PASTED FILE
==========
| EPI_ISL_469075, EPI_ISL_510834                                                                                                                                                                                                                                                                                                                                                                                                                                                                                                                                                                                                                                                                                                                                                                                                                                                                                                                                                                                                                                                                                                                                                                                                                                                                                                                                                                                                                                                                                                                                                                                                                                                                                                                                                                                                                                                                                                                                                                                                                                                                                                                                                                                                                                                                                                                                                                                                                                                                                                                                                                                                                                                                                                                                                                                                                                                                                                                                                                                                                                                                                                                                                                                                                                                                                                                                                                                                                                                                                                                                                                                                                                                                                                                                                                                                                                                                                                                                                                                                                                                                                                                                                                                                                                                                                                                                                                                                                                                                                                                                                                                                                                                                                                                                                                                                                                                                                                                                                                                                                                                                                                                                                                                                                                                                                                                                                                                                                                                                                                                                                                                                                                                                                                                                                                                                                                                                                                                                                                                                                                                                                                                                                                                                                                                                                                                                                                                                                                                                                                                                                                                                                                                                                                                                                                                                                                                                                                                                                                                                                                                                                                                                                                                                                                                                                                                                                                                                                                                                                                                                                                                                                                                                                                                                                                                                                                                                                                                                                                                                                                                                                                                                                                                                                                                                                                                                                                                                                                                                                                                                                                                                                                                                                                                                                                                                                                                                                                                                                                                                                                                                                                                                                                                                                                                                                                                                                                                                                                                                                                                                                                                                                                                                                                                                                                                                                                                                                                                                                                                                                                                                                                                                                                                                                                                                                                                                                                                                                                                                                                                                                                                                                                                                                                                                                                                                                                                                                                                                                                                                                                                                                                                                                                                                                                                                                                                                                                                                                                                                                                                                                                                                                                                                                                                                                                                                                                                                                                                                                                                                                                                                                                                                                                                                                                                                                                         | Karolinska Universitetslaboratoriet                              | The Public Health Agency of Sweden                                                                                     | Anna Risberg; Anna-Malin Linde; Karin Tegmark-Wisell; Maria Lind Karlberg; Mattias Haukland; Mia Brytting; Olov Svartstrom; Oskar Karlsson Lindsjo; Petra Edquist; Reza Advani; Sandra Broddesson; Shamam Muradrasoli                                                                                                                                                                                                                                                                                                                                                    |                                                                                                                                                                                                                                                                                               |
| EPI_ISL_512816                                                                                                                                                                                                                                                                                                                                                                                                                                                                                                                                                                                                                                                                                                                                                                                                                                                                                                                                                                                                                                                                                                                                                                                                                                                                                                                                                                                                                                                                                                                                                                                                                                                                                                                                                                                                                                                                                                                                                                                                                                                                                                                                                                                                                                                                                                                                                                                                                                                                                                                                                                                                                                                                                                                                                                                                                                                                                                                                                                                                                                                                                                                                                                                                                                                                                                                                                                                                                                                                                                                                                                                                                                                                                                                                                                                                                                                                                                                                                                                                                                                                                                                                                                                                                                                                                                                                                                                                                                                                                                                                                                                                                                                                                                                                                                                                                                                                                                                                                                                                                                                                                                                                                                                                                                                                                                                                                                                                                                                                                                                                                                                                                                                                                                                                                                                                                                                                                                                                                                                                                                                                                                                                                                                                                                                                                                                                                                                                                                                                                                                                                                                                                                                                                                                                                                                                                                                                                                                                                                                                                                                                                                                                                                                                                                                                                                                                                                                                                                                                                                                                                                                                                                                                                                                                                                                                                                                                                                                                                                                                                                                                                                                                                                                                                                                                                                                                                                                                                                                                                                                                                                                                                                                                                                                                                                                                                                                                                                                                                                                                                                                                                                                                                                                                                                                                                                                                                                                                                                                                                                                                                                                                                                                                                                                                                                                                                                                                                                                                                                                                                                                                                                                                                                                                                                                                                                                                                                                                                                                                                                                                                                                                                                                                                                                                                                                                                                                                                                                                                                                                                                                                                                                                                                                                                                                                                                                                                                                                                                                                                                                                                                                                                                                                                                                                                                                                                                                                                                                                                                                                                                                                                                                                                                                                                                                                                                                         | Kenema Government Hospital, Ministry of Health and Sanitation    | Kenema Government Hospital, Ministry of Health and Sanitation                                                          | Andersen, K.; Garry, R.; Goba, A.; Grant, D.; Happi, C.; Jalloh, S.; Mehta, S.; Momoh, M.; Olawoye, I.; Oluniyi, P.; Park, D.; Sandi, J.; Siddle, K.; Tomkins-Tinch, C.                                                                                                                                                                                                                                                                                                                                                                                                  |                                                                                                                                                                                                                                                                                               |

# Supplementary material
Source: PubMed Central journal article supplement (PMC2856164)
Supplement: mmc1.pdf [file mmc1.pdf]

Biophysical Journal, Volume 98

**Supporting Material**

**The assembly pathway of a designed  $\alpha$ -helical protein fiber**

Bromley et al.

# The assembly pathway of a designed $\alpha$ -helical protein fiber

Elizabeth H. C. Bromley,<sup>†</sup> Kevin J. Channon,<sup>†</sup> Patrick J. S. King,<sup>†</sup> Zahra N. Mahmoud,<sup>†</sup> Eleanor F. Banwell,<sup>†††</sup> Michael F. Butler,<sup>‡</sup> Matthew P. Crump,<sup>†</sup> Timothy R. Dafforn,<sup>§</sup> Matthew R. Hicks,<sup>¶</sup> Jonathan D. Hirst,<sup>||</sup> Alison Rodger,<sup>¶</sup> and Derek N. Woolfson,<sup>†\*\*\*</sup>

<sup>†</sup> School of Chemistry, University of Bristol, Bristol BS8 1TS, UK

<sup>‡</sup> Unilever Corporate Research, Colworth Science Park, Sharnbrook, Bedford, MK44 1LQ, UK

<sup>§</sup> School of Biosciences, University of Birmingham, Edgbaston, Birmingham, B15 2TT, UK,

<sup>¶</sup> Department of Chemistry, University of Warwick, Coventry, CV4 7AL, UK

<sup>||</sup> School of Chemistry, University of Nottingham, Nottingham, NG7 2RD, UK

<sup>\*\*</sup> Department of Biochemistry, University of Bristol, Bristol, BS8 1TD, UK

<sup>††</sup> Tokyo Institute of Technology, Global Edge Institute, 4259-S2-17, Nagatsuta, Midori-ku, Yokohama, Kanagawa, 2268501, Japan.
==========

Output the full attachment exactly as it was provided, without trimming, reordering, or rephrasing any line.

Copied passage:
| EPI_ISL_469075, EPI_ISL_510834                                                                                                                                                                                                                                                                                                                                                                                                                                                                                                                                                                                                                                                                                                                                                                                                                                                                                                                                                                                                                                                                                                                                                                                                                                                                                                                                                                                                                                                                                                                                                                                                                                                                                                                                                                                                                                                                                                                                                                                                                                                                                                                                                                                                                                                                                                                                                                                                                                                                                                                                                                                                                                                                                                                                                                                                                                                                                                                                                                                                                                                                                                                                                                                                                                                                                                                                                                                                                                                                                                                                                                                                                                                                                                                                                                                                                                                                                                                                                                                                                                                                                                                                                                                                                                                                                                                                                                                                                                                                                                                                                                                                                                                                                                                                                                                                                                                                                                                                                                                                                                                                                                                                                                                                                                                                                                                                                                                                                                                                                                                                                                                                                                                                                                                                                                                                                                                                                                                                                                                                                                                                                                                                                                                                                                                                                                                                                                                                                                                                                                                                                                                                                                                                                                                                                                                                                                                                                                                                                                                                                                                                                                                                                                                                                                                                                                                                                                                                                                                                                                                                                                                                                                                                                                                                                                                                                                                                                                                                                                                                                                                                                                                                                                                                                                                                                                                                                                                                                                                                                                                                                                                                                                                                                                                                                                                                                                                                                                                                                                                                                                                                                                                                                                                                                                                                                                                                                                                                                                                                                                                                                                                                                                                                                                                                                                                                                                                                                                                                                                                                                                                                                                                                                                                                                                                                                                                                                                                                                                                                                                                                                                                                                                                                                                                                                                                                                                                                                                                                                                                                                                                                                                                                                                                                                                                                                                                                                                                                                                                                                                                                                                                                                                                                                                                                                                                                                                                                                                                                                                                                                                                                                                                                                                                                                                                                                                         | Karolinska Universitetslaboratoriet                              | The Public Health Agency of Sweden                                                                                     | Anna Risberg; Anna-Malin Linde; Karin Tegmark-Wisell; Maria Lind Karlberg; Mattias Haukland; Mia Brytting; Olov Svartstrom; Oskar Karlsson Lindsjo; Petra Edquist; Reza Advani; Sandra Broddesson; Shamam Muradrasoli                                                                                                                                                                                                                                                                                                                                                    |                                                                                                                                                                                                                                                                                               |
| EPI_ISL_512816                                                                                                                                                                                                                                                                                                                                                                                                                                                                                                                                                                                                                                                                                                                                                                                                                                                                                                                                                                                                                                                                                                                                                                                                                                                                                                                                                                                                                                                                                                                                                                                                                                                                                                                                                                                                                                                                                                                                                                                                                                                                                                                                                                                                                                                                                                                                                                                                                                                                                                                                                                                                                                                                                                                                                                                                                                                                                                                                                                                                                                                                                                                                                                                                                                                                                                                                                                                                                                                                                                                                                                                                                                                                                                                                                                                                                                                                                                                                                                                                                                                                                                                                                                                                                                                                                                                                                                                                                                                                                                                                                                                                                                                                                                                                                                                                                                                                                                                                                                                                                                                                                                                                                                                                                                                                                                                                                                                                                                                                                                                                                                                                                                                                                                                                                                                                                                                                                                                                                                                                                                                                                                                                                                                                                                                                                                                                                                                                                                                                                                                                                                                                                                                                                                                                                                                                                                                                                                                                                                                                                                                                                                                                                                                                                                                                                                                                                                                                                                                                                                                                                                                                                                                                                                                                                                                                                                                                                                                                                                                                                                                                                                                                                                                                                                                                                                                                                                                                                                                                                                                                                                                                                                                                                                                                                                                                                                                                                                                                                                                                                                                                                                                                                                                                                                                                                                                                                                                                                                                                                                                                                                                                                                                                                                                                                                                                                                                                                                                                                                                                                                                                                                                                                                                                                                                                                                                                                                                                                                                                                                                                                                                                                                                                                                                                                                                                                                                                                                                                                                                                                                                                                                                                                                                                                                                                                                                                                                                                                                                                                                                                                                                                                                                                                                                                                                                                                                                                                                                                                                                                                                                                                                                                                                                                                                                                                                                         | Kenema Government Hospital, Ministry of Health and Sanitation    | Kenema Government Hospital, Ministry of Health and Sanitation                                                          | Andersen, K.; Garry, R.; Goba, A.; Grant, D.; Happi, C.; Jalloh, S.; Mehta, S.; Momoh, M.; Olawoye, I.; Oluniyi, P.; Park, D.; Sandi, J.; Siddle, K.; Tomkins-Tinch, C.                                                                                                                                                                                                                                                                                                                                                                                                  |                                                                                                                                                                                                                                                                                               |

# Supplementary material
Source: PubMed Central journal article supplement (PMC2856164)
Supplement: mmc1.pdf [file mmc1.pdf]

Biophysical Journal, Volume 98

**Supporting Material**

**The assembly pathway of a designed  $\alpha$ -helical protein fiber**

Bromley et al.

# The assembly pathway of a designed $\alpha$ -helical protein fiber

Elizabeth H. C. Bromley,<sup>†</sup> Kevin J. Channon,<sup>†</sup> Patrick J. S. King,<sup>†</sup> Zahra N. Mahmoud,<sup>†</sup> Eleanor F. Banwell,<sup>†††</sup> Michael F. Butler,<sup>‡</sup> Matthew P. Crump,<sup>†</sup> Timothy R. Dafforn,<sup>§</sup> Matthew R. Hicks,<sup>¶</sup> Jonathan D. Hirst,<sup>||</sup> Alison Rodger,<sup>¶</sup> and Derek N. Woolfson,<sup>†\*\*\*</sup>

<sup>†</sup> School of Chemistry, University of Bristol, Bristol BS8 1TS, UK

<sup>‡</sup> Unilever Corporate Research, Colworth Science Park, Sharnbrook, Bedford, MK44 1LQ, UK

<sup>§</sup> School of Biosciences, University of Birmingham, Edgbaston, Birmingham, B15 2TT, UK,

<sup>¶</sup> Department of Chemistry, University of Warwick, Coventry, CV4 7AL, UK

<sup>||</sup> School of Chemistry, University of Nottingham, Nottingham, NG7 2RD, UK

<sup>\*\*</sup> Department of Biochemistry, University of Bristol, Bristol, BS8 1TD, UK

<sup>††</sup> Tokyo Institute of Technology, Global Edge Institute, 4259-S2-17, Nagatsuta, Midori-ku, Yokohama, Kanagawa, 2268501, Japan.